Mapping and modelling agricultural landscape structure within Europe
Contemporary landscapes are the result of the variation in the physical environment and the interactions between human activities with that environment, which are reflected in the landscape composition and spatial structure. In Europe, there is a wide variation of rural cultural landscapes, ranging from traditional to industrial landscapes. These landscapes are, for the most part, the result of a succession of different historical land-use stages (Plieninger et al., 2006). Information on the current spatial landscape patterns is important for understanding the drivers of these processes as well as their influence on ecosystems, their related ecosystem services and biodiversity. Furthermore, a better representation of landscapes beyond the dominant land cover is needed within studies of regional and global character (Verburg et al., in press).
Due to intensification of agricultural production and scale enlargement, field heterogeneity and linear landscape elements have strongly declined in the last 40 years in Europe (Stoate et al., 2001). Since linear landscape elements provide important ecosystem services and function as ecological infrastructure for species within agricultural landscapes, information on their spatial distribution is essential for the assessment of the role of landscape structure on ecological processes and ecosystem services (van der Zanden et al., 2013).
We present wall-to-wall maps for linear vegetation elements (green lines), ditches and grass margins for Europe, using spatial modelling of ground ground-based observations from the land use/cover area frame statistical survey database (LUCAS) (Eurostat, 2009). This database contains observations on linear features in the landscape for over 200,000 points within the European Union for 2009. A comparison between different interpolation techniques to model the transect information is made, ranging from spatial autocorrelation-based methods to methods that explain the occurrence of elements based on biophysical and socio-economic information. An independent validation of green lines is performed based on aerial photographs.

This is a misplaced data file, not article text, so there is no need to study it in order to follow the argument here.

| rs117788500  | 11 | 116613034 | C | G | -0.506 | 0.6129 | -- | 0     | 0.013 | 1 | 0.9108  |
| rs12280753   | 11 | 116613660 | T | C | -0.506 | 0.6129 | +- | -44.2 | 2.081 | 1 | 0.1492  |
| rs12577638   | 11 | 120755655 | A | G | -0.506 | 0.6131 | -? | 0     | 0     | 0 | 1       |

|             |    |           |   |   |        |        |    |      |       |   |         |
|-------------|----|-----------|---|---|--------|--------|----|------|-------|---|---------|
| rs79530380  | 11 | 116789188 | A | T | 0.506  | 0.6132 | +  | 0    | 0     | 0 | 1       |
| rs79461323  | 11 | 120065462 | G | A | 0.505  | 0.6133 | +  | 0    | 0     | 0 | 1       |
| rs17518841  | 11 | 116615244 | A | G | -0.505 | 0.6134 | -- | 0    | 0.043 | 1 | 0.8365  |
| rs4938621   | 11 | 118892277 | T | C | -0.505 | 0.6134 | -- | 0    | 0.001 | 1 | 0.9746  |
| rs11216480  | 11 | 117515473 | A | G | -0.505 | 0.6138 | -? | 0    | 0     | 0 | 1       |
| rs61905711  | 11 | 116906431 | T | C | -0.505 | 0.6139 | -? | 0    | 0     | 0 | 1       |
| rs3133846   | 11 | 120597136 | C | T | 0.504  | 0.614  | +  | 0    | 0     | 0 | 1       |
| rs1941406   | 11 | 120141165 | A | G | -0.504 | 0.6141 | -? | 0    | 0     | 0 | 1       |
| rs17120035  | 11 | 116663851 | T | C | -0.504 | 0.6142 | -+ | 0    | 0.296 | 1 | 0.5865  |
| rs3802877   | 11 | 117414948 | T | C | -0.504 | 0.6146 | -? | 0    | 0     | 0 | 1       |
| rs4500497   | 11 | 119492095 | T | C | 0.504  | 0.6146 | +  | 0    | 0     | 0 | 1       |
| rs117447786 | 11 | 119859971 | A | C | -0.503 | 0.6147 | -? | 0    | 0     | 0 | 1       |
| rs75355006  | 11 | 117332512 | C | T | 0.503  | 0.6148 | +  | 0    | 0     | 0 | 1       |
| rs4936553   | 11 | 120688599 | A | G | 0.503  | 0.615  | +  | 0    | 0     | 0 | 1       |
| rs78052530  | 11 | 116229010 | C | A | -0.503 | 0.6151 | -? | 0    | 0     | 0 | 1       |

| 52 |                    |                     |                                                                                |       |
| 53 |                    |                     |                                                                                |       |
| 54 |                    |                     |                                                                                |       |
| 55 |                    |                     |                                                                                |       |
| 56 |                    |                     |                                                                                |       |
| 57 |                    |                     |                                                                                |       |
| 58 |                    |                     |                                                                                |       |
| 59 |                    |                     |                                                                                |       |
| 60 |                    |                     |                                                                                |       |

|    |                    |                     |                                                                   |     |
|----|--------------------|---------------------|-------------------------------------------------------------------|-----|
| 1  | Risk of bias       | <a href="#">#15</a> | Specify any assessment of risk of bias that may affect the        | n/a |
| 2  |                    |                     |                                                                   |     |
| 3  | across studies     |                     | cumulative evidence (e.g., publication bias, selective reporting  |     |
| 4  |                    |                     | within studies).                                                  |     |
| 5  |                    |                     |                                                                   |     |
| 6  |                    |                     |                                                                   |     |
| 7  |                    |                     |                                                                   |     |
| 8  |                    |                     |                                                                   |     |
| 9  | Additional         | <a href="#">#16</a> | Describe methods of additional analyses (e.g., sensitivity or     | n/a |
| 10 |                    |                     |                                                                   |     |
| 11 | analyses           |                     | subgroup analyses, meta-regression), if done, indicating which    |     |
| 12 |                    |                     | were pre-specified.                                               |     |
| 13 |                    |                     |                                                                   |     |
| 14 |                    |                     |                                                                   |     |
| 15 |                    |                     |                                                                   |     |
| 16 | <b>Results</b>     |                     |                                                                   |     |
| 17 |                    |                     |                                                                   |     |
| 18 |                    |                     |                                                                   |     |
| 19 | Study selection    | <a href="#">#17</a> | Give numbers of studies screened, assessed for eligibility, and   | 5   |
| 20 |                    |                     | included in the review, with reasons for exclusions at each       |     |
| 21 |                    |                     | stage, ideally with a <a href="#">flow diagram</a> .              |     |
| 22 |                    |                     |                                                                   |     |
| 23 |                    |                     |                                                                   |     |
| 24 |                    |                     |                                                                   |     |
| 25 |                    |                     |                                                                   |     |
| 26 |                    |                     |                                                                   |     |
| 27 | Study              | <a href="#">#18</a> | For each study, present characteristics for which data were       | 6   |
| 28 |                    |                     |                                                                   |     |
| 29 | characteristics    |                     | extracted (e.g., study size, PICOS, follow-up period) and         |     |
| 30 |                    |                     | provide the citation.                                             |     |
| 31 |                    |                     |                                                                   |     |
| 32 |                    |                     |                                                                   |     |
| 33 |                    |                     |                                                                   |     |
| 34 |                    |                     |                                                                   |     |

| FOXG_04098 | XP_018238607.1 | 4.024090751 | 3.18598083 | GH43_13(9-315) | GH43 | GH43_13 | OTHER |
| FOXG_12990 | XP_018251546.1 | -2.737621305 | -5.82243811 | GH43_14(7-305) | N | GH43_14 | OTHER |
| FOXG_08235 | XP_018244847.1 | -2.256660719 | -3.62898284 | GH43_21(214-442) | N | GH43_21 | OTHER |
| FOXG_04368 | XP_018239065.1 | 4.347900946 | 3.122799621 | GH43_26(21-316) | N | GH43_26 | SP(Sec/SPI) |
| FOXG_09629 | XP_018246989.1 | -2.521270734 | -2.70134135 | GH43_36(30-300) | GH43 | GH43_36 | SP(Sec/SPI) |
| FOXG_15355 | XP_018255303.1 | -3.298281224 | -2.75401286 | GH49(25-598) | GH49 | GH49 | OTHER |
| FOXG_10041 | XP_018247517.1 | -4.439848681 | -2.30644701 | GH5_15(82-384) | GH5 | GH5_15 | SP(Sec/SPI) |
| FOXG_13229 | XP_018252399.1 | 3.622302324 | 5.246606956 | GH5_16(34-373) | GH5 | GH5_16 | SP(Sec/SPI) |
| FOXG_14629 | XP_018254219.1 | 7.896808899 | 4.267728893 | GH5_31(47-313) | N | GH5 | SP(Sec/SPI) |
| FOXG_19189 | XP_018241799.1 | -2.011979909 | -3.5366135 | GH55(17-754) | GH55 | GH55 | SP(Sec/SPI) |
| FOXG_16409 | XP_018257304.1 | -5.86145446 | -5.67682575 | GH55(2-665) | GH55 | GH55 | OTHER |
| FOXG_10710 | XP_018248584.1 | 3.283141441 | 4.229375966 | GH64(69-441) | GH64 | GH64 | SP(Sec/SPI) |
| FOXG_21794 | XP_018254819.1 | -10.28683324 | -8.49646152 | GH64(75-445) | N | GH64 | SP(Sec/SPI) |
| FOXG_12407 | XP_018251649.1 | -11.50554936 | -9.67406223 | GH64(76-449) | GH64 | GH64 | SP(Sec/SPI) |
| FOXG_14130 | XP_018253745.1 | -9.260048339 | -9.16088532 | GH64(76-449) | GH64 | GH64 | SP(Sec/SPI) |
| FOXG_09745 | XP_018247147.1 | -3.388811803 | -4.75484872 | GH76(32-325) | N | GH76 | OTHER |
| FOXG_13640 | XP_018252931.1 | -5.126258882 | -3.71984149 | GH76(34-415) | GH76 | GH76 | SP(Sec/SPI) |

Furthermore, the information on linear landscape elements is used in a new typology of rural agricultural landscapes in Europe, based on detailed information on land cover, land use intensity (fertilizer application rates), field size and linear landscape elements. A comparison is made between two major methods of landscape classification; expert-based mapping and highly automated mapping (Van Eetvelde and Antrop, 2009). The former uses information from the literature and national classifications as guideline, while the latter is based on the unsupervised learning and clustering algorithm of self-organizing maps (SOMs) (Kohonen, 2001). Both mapping approaches are compared and their performance is tested using an expert-based validation.
- Eurostat (2009). LUCAS Primary Data 2009. http://epp.eurostat.ec.europa.eu/portal/page/portal/lucas/data/lucas primary data 2009 (accessed 07.03.11).
- Kohonen, T. (2001). Self-Organizing Maps. Springer-Verlag, Berlin.
- Plieninger, T., Höchtl, F. and Spek, T. (2006). Traditional land-use and nature conservation in European rural landscapes. Environmental Science & Policy 9(4): 317 – 321
- Stoate, C., Boatman, N.D., Borralho, R.J., Carvalho, C.R., Snoo, G.R. and Eden, P. (2001). Ecological impacts of arable intensiﬁcation in Europe. Journal of Environmental Management 63: 337–365
- van der Zanden, E.H., Verburg, P.H. and Mücher, C.A. (2013). Modelling the spatial distribution of linear landscape elements in Europe. Ecological Indicators 27: 125-136.
- Van Eetvelde, V. and Antrop, M. (2009). A stepwise multi-scaled landscape typology and characterization for trans-regional integration, applied on the federal state of Belgium. Landscape and Urban Planning, 91(3): 160-170.
- Verburg, P.H., van Asselen, S., van der Zanden, E.H. and Stehfest, E. (in press). The contribution of landscape ecology to global scale assessments of environmental change. Landscape Ecology, http://dx.doi.org/10.1007/s10980-012-9745-0